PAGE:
Moon Lovers Treat: Skywatchers to be Observed 4 More Special Moon in this Year
The month of August kicked off with a brilliant supermoon illuminating the night sky, and it’s set to conclude in a similar fashion with another stunning supermoon gracing our view in the coming week.
Adding to the celestial spectacle, the ringed jewel of our solar system, Saturn, will make its closest and most luminous appearance of the entire year, positioned near the moon.
The full moon will reach its peak at 9:36 p.m. ET on the evening of August 30th, but its full appearance will continue through the morning of Friday, as indicated by NASA.
As the sun sets on Wednesday, around 8:42 p.m. ET, the radiant gleam of Saturn will emerge roughly 5 degrees to the upper right of the moon. As the night progresses, Saturn will seemingly trace a clockwise path around the moon, as described by NASA. At their closest proximity, the two will appear separated by a distance roughly equivalent to four full moons, a perspective shared by EarthSky.
Saturn achieved opposition on August 27th, signifying the moment when Earth passed between the sun and the distant planet. This special occurrence places Saturn at its nearest point to Earth within its orbital journey, consequently granting us a clear and captivating view of it in our night sky.
Both of August’s full moons can be classified as supermoons, as per EarthSky. Supermoon is a term that can have slightly different definitions, but it generally refers to a full moon that comes closer to Earth in its orbit, making it appear larger and more luminous in the night sky. During this occurrence, the moon will be situated at a distance of 222,043 miles (357,344 kilometers) from Earth, which is around 18,000 miles (28,968 kilometers) closer than its average distance.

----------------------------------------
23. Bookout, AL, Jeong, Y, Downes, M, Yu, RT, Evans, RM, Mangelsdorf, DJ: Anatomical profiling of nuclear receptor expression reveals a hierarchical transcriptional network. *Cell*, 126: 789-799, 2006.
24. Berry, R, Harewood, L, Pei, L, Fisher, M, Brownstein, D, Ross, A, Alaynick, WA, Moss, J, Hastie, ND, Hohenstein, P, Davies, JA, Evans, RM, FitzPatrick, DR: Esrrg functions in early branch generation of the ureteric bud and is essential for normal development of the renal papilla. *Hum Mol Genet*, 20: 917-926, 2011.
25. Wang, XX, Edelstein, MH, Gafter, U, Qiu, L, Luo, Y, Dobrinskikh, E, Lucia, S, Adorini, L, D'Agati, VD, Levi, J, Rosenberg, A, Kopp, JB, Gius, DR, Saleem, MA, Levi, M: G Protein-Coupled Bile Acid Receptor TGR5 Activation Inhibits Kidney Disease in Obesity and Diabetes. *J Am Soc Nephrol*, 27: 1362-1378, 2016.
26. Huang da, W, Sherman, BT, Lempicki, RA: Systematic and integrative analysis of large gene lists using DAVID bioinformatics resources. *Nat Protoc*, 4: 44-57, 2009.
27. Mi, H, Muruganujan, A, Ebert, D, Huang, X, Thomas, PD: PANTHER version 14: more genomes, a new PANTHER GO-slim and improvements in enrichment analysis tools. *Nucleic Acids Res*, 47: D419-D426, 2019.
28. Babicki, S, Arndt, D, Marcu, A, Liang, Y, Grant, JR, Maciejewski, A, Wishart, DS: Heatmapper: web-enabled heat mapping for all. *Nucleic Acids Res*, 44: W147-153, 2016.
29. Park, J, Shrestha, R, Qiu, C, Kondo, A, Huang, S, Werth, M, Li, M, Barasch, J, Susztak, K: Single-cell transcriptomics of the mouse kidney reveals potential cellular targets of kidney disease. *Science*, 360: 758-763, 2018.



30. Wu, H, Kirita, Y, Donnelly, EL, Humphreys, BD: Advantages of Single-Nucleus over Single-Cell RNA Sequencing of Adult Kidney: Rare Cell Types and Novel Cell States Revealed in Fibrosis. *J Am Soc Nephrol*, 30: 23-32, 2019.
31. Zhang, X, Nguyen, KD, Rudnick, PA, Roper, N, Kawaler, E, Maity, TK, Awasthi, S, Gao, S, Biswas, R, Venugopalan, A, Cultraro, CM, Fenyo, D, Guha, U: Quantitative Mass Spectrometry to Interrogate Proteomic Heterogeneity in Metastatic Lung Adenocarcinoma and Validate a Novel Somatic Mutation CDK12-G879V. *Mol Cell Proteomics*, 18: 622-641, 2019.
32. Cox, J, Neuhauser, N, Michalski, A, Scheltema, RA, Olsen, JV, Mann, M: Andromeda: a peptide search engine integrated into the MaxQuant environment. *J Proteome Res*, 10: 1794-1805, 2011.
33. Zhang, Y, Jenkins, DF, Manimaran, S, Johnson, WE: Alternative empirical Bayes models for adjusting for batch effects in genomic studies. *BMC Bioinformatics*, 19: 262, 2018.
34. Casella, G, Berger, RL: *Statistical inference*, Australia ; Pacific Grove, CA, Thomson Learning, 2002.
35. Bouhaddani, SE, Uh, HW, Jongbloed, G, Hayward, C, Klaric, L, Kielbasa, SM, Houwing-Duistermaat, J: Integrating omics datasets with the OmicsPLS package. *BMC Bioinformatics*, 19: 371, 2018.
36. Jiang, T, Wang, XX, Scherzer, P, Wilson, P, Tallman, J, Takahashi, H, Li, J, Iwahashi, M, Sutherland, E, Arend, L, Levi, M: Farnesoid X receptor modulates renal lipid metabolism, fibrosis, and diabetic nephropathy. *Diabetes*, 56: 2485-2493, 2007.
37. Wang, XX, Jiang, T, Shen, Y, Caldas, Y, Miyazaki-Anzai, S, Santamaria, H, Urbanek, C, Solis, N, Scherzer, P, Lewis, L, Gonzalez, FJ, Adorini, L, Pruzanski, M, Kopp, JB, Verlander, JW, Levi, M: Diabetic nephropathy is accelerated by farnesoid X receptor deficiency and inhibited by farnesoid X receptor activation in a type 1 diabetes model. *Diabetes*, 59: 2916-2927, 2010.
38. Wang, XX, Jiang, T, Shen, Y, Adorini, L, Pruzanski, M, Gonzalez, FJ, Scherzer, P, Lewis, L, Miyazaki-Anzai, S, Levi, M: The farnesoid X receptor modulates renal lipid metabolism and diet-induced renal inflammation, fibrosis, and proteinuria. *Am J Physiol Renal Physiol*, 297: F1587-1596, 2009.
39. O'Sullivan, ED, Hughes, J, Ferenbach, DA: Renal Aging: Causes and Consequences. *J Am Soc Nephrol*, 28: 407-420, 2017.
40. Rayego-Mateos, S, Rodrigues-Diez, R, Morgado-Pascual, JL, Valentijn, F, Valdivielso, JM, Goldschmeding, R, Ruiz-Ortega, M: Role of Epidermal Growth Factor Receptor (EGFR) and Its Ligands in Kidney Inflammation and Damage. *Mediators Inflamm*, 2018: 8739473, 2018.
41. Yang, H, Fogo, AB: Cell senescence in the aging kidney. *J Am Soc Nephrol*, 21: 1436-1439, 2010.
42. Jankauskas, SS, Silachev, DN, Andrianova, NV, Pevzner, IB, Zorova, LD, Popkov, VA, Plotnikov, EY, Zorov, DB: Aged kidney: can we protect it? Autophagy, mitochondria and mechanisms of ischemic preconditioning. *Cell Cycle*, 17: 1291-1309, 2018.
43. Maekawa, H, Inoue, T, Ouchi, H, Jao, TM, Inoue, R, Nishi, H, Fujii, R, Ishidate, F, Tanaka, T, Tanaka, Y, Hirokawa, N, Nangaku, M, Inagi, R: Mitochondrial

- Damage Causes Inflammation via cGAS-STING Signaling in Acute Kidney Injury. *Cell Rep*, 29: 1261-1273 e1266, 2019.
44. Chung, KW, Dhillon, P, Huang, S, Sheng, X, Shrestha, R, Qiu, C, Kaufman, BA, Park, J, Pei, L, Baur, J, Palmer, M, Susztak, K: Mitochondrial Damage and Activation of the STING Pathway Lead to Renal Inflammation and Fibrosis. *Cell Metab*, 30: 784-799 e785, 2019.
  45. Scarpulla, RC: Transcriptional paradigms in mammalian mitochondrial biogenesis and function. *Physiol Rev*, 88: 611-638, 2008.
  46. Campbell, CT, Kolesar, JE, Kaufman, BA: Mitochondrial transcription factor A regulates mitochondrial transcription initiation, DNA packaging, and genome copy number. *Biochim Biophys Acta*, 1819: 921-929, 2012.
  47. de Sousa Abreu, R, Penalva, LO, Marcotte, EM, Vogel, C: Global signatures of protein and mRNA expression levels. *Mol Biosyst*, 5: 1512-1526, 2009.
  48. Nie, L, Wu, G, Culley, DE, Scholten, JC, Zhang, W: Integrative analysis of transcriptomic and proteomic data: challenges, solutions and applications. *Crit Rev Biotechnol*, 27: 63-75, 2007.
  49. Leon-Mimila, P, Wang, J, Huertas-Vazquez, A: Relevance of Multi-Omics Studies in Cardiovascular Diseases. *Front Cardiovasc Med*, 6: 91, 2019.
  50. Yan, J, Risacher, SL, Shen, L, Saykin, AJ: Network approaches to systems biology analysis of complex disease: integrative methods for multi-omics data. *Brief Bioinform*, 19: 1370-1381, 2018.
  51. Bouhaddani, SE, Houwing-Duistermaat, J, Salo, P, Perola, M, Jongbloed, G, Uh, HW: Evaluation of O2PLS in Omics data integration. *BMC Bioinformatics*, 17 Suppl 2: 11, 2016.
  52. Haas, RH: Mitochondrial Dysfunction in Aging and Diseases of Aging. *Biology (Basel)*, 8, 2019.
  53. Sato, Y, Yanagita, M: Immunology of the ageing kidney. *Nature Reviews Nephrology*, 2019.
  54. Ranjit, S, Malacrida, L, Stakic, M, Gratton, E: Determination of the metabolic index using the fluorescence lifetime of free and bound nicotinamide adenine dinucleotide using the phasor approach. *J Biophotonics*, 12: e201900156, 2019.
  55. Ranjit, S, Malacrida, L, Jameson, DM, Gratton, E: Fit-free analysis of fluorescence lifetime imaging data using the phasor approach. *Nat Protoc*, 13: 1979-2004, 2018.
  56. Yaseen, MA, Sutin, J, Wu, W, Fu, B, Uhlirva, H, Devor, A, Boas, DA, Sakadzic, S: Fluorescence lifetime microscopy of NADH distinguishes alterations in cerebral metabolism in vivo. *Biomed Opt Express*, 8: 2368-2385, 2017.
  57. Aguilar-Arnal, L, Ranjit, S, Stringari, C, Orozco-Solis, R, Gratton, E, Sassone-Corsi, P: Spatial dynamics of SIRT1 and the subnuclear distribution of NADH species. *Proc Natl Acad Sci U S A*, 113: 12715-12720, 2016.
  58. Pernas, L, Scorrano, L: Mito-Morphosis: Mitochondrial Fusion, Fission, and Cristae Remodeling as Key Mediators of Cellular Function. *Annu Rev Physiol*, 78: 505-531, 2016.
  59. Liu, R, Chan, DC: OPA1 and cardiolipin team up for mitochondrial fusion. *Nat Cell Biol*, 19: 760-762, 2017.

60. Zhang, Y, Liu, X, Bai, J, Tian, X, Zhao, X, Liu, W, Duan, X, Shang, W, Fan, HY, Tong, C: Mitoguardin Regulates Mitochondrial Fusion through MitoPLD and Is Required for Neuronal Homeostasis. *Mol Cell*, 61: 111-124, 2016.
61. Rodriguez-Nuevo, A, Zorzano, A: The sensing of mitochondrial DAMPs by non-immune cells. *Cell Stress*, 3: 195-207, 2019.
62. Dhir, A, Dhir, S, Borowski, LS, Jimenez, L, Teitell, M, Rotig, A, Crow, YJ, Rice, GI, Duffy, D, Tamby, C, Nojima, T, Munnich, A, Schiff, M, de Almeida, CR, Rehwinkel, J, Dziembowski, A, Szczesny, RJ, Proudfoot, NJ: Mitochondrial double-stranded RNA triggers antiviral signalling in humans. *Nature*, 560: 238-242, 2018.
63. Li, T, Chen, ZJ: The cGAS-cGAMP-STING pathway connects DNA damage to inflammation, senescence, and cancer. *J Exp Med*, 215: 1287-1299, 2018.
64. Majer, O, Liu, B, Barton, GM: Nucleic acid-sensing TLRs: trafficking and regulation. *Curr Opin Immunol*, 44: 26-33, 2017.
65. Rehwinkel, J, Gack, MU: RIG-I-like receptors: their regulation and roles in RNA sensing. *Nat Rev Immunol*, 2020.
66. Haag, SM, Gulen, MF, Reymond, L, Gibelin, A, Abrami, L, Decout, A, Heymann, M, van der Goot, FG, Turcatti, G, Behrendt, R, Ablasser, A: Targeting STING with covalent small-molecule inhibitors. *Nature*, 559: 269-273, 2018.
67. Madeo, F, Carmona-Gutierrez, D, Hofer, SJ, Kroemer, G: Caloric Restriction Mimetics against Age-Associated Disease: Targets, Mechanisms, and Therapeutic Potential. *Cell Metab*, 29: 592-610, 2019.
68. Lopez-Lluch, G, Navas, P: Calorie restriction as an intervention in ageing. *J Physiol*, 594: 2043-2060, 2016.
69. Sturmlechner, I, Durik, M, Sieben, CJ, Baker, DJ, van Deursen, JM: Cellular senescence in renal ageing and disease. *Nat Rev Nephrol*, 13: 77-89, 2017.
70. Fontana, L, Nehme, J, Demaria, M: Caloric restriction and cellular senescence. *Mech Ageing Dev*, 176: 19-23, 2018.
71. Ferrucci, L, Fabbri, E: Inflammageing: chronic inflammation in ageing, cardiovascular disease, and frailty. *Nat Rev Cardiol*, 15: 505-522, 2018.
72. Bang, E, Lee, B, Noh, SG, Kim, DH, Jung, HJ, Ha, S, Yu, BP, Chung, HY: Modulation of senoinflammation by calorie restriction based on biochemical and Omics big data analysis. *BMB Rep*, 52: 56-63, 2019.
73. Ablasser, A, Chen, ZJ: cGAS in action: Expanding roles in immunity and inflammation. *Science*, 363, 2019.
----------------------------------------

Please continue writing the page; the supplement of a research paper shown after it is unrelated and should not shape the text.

Some astronomers suggest that a supermoon happens when the moon is within 90% of its perigee, the closest point in its orbit to Earth.
This supermoon’s influence might have an impact on Hurricane Idalia, predicted to hit land on Wednesday morning, by causing stronger tides and potentially worsening the storm surge. The proximity of this supermoon to Earth will intensify its gravitational pull on the oceans.
According to Jamie Rhome, Deputy Director of the National Hurricane Center, it could elevate high tide by about a foot.
The second full moon within a single month is also known as a blue moon, which is where the saying “once in a blue moon” comes from, though the moon itself won’t actually appear blue.
Ordinarily, a full moon occurs approximately every 29 days, while most of our calendar months last either 30 or 31 days. This mismatch leads to a blue moon happening about every 2.5 years, with the most recent one taking place in August 2021.
Interestingly, the second full moon in August coincides with the Hindu festival of Raksha Bandhan, a celebration of the special bond between siblings, particularly brothers and sisters.
Supermoons and Full Moons
On September 29, 2023, the fourth and last supermoon of the year will rise.
The Farmers’ Almanac lists the full moons that will still happen in 2023:
- Harvest moon is on September 29
- Hunter’s moon is on October 28
- Beaver moon is on November 27
- Cold moon on December 26
Both Lunar and Solar Eclipses
People throughout North, Central, and South America are in for a treat as they’ll get to witness an annular solar eclipse. This celestial event occurs when the moon positions itself between the sun and Earth, reaching its farthest point from our planet. As a result, the moon will appear smaller than the sun, surrounded by a radiant halo.
To safely observe this phenomenon without harming their eyes, viewers are advised to wear specialized eclipse glasses.
On October 28, a partial lunar eclipse is also on the celestial agenda. During this event, only a section of the moon will drift into Earth’s shadow, as the alignment of the sun, Earth, and moon won’t be complete. This partial eclipse will be observable from Europe, Asia, Australia, parts of North America, and a substantial portion of South Africa.
The upcoming meteor showers for the rest of the year will be best seen during the late evening until dawn in places with minimal light pollution. These are the peak dates for the events.
- Orionids: 20 and 21 October
- November 4 and 5: Southern Taurids
- 11 and 12 November: Northern Taurids
- November 17 and 18: Leonids
- 13 and 14 December: Geminids
- Ursids: Dec. 21 and 22